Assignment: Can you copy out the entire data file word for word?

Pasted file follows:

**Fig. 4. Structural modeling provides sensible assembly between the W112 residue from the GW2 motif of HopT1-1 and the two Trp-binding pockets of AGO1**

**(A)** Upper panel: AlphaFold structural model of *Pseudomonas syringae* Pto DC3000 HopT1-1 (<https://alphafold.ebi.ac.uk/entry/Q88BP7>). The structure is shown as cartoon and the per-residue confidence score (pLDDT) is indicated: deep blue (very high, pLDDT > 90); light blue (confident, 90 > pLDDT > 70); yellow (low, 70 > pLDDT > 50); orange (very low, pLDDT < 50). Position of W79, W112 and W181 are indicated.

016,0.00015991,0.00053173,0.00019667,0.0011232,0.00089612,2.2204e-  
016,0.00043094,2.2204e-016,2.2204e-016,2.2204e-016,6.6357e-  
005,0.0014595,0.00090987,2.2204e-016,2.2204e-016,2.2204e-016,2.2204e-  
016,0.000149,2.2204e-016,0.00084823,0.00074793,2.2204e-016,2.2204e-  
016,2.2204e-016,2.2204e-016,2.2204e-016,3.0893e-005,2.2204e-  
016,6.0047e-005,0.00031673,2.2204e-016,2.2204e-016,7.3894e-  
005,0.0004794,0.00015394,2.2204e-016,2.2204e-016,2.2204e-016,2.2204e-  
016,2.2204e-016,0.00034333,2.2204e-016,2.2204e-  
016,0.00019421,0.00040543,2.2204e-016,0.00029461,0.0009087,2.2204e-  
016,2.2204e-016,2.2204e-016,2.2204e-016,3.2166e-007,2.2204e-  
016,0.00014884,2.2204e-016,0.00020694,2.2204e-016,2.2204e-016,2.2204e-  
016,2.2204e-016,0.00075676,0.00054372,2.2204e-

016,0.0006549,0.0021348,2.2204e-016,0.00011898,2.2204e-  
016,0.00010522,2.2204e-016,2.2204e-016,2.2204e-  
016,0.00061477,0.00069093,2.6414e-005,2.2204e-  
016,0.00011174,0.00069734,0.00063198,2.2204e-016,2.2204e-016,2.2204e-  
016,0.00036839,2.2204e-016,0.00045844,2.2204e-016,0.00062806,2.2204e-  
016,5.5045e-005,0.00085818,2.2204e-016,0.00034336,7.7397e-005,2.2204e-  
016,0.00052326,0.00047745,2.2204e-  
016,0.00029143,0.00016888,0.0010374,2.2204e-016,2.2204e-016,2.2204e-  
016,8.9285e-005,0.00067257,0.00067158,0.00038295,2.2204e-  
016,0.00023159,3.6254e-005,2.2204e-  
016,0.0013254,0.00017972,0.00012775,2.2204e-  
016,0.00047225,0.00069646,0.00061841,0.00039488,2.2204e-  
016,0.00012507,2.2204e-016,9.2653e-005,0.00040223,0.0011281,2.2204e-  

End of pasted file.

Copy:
**Fig. 4. Structural modeling provides sensible assembly between the W112 residue from the GW2 motif of HopT1-1 and the two Trp-binding pockets of AGO1**

**(A)** Upper panel: AlphaFold structural model of *Pseudomonas syringae* Pto DC3000 HopT1-1 (<https://alphafold.ebi.ac.uk/entry/Q88BP7>). The structure is shown as cartoon and the per-residue confidence score (pLDDT) is indicated: deep blue (very high, pLDDT > 90); light blue (confident, 90 > pLDDT > 70); yellow (low, 70 > pLDDT > 50); orange (very low, pLDDT < 50). Position of W79, W112 and W181 are indicated.

016,0.00015991,0.00053173,0.00019667,0.0011232,0.00089612,2.2204e-  
016,0.00043094,2.2204e-016,2.2204e-016,2.2204e-016,6.6357e-  
005,0.0014595,0.00090987,2.2204e-016,2.2204e-016,2.2204e-016,2.2204e-  
016,0.000149,2.2204e-016,0.00084823,0.00074793,2.2204e-016,2.2204e-  
016,2.2204e-016,2.2204e-016,2.2204e-016,3.0893e-005,2.2204e-  
016,6.0047e-005,0.00031673,2.2204e-016,2.2204e-016,7.3894e-  
005,0.0004794,0.00015394,2.2204e-016,2.2204e-016,2.2204e-016,2.2204e-  
016,2.2204e-016,0.00034333,2.2204e-016,2.2204e-  
016,0.00019421,0.00040543,2.2204e-016,0.00029461,0.0009087,2.2204e-  
016,2.2204e-016,2.2204e-016,2.2204e-016,3.2166e-007,2.2204e-  
016,0.00014884,2.2204e-016,0.00020694,2.2204e-016,2.2204e-016,2.2204e-  
016,2.2204e-016,0.00075676,0.00054372,2.2204e-

016,0.0006549,0.0021348,2.2204e-016,0.00011898,2.2204e-  
016,0.00010522,2.2204e-016,2.2204e-016,2.2204e-  
016,0.00061477,0.00069093,2.6414e-005,2.2204e-  
016,0.00011174,0.00069734,0.00063198,2.2204e-016,2.2204e-016,2.2204e-  
016,0.00036839,2.2204e-016,0.00045844,2.2204e-016,0.00062806,2.2204e-  
016,5.5045e-005,0.00085818,2.2204e-016,0.00034336,7.7397e-005,2.2204e-  
016,0.00052326,0.00047745,2.2204e-  
016,0.00029143,0.00016888,0.0010374,2.2204e-016,2.2204e-016,2.2204e-  
016,8.9285e-005,0.00067257,0.00067158,0.00038295,2.2204e-  
016,0.00023159,3.6254e-005,2.2204e-  
016,0.0013254,0.00017972,0.00012775,2.2204e-  
016,0.00047225,0.00069646,0.00061841,0.00039488,2.2204e-  
016,0.00012507,2.2204e-016,9.2653e-005,0.00040223,0.0011281,2.2204e-  